Mix your chopped herbs, lemon zest and some salt & pepper with softened butter. Rub this into the chicken flesh inside the pocket you created by lifting the skin. Also rub it all over the outside of the chicken, covering all of the skin. Next, take your pieces of coppa di parma and place in the skin pocket of the chicken. Place one half of the lemon in the cavity of your chicken, this will help to keep your chicken moist.
Chicken should be roasted for 20 mins per lb plus 20 mins. Your vegetables and potatoes will take about 1 hour to cook, so place the chicken in a large roasting tin and place it in the oven. Now, begin to prepare your vegetables and add them to the roasting tin when there’s one hour of cooking time left.
Peel your vegetables as needed and cut into similar sized chunks. Toss them in a little olive oil (add a little dried herbs if you like) before adding to the roasting tin.
Ensure that the juices of the chicken are running clear, by cutting into the bird with a sharp knife, and then rest for 10 minutes before carving.
Line a large baking tin with overlapping pieces of clingfilm, ensuring that all parts of the interior are covered.
Place the butter and sliced Mars bars in a large Pyrex (glass) bowl and place this into a suitably-sized saucepan (the bowl should not touch the bottom, and leave space for 2 inches of water). Bring the water to a strong simmer and melt the butter & Mars bars, stirring occasionally. Once it has all melted, stir continuously until the the melted butter is absorbed into the rest – be patient, it will “come together” eventually.
Lift the bowl off the saucepan and add in 5 mugfuls of Rice Krispies. Stir this well, but gently, until all the Rice Krispies are coated and no lumps of the melted mixture remain. Pour / spoon into your baking tin and gently smooth out until even.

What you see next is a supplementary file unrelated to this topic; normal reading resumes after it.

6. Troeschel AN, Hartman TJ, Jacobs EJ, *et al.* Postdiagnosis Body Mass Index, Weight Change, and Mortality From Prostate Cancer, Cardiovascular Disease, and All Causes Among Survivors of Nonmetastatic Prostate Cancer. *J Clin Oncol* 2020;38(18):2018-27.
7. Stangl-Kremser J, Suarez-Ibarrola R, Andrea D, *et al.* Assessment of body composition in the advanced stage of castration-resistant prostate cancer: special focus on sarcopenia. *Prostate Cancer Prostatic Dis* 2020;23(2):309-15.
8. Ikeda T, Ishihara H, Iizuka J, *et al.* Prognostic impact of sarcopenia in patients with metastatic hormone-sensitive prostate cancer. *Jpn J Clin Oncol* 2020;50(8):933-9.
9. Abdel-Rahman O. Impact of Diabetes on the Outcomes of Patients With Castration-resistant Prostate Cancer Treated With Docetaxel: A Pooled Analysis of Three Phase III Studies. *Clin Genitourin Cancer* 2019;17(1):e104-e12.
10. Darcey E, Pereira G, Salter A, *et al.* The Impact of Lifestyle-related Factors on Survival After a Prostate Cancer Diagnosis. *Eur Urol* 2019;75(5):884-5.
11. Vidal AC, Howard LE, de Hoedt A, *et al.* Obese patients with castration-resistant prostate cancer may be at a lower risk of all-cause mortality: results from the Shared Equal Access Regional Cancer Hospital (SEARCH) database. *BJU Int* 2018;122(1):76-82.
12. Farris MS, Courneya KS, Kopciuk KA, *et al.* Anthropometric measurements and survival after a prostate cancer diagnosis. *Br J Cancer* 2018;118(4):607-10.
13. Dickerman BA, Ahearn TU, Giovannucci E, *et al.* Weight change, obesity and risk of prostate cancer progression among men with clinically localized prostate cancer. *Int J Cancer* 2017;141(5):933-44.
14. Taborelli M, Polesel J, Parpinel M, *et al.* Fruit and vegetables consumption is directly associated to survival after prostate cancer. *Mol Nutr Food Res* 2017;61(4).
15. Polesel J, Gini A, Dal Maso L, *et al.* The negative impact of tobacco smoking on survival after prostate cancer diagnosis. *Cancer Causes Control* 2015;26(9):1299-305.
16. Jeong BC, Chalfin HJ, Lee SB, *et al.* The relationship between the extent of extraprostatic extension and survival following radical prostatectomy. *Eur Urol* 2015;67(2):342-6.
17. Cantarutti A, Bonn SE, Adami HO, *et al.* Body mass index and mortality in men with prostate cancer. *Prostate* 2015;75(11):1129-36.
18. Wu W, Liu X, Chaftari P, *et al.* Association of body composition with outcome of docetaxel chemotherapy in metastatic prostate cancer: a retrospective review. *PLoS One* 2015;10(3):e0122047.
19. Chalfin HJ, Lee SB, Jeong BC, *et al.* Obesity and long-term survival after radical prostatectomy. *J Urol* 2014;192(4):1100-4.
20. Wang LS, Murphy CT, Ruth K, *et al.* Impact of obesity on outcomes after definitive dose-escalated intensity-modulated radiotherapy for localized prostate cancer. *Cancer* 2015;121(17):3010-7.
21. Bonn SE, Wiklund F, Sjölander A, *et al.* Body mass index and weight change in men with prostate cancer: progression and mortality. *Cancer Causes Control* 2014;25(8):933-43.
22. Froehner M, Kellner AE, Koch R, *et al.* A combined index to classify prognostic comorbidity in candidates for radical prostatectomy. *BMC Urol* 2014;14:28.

Wash your Pyrex bowl, dry and place back on the saucepan of water. Break up the chocolate into the bowl and melt over simmering water. Once melted and smooth, pour over the Rice Krispies. It’s best to use a soft spatula so that you can scrape out as much of the chocolate as possible. Tip the baking tray back and forward until the base layer is evenly covered.
Cover with a tea towel and leave in a cool place to set (varies from 2 – 24 hours, dependent on season/temperature). Do NOT refrigerate as this will make the Rice Krispie layer go soggy.
Cut with a sharp knife and store in an air tight container (old biscuit tins are perfect), will keep for up to 7 days – but I bet they won’t last that long!
Vinaigrette dressings are very quick and simple to make and this recipe is a good “standard” dressing to learn. It’s ridiculously easy and quick to make and if you store it in the fridge will keep for about a month.
The secret of a vinaigrette is simple – three parts fat to one part acid with some mustard, salt and pepper to help the emulsifying.
Get a clean and preferably sterilised glass bottle and start by putting some balsamic vinegar in, fill it about an eighth of the way up.
Then add roughly three times as much extra virgin olive oil, followed by a pinch of salt and pepper. Lastly add a little French mustard.
Now seal the bottle and shake it for about a minute. Take a small taste and adjust the seasoning if needed. Now let it sit for about 10 minutes, if it starts to split into layers then add a little more mustard and repeat the process. All vinaigarettes will separate eventually but ideally you want one that stays emulsified for 10 minutes or so.
Store this in a cool dry place until you’re ready to use it. Then give the bottle a shake and drizzle lightly over your salad to serve.
The great thing about this recipe is that you can substitute so many different things, I regularly use lemon or lime juice instead of balsamic vinegar.
I’ve also been known to use some truffle oil or other flavoured extra virgin olive oils to give a little variety to the taste. It’s a great recipe to experiment with as you can come up with something that is completely unique to your tastes and preference.
I have to say I find that lemon juice really freshens the flavour of any salad and makes it something special for any occasion and in case you’re wondering it’s taken me far longer to type this recipe than it takes to make it, so have fun with it and if you find a combination you really like please let us know in the comments.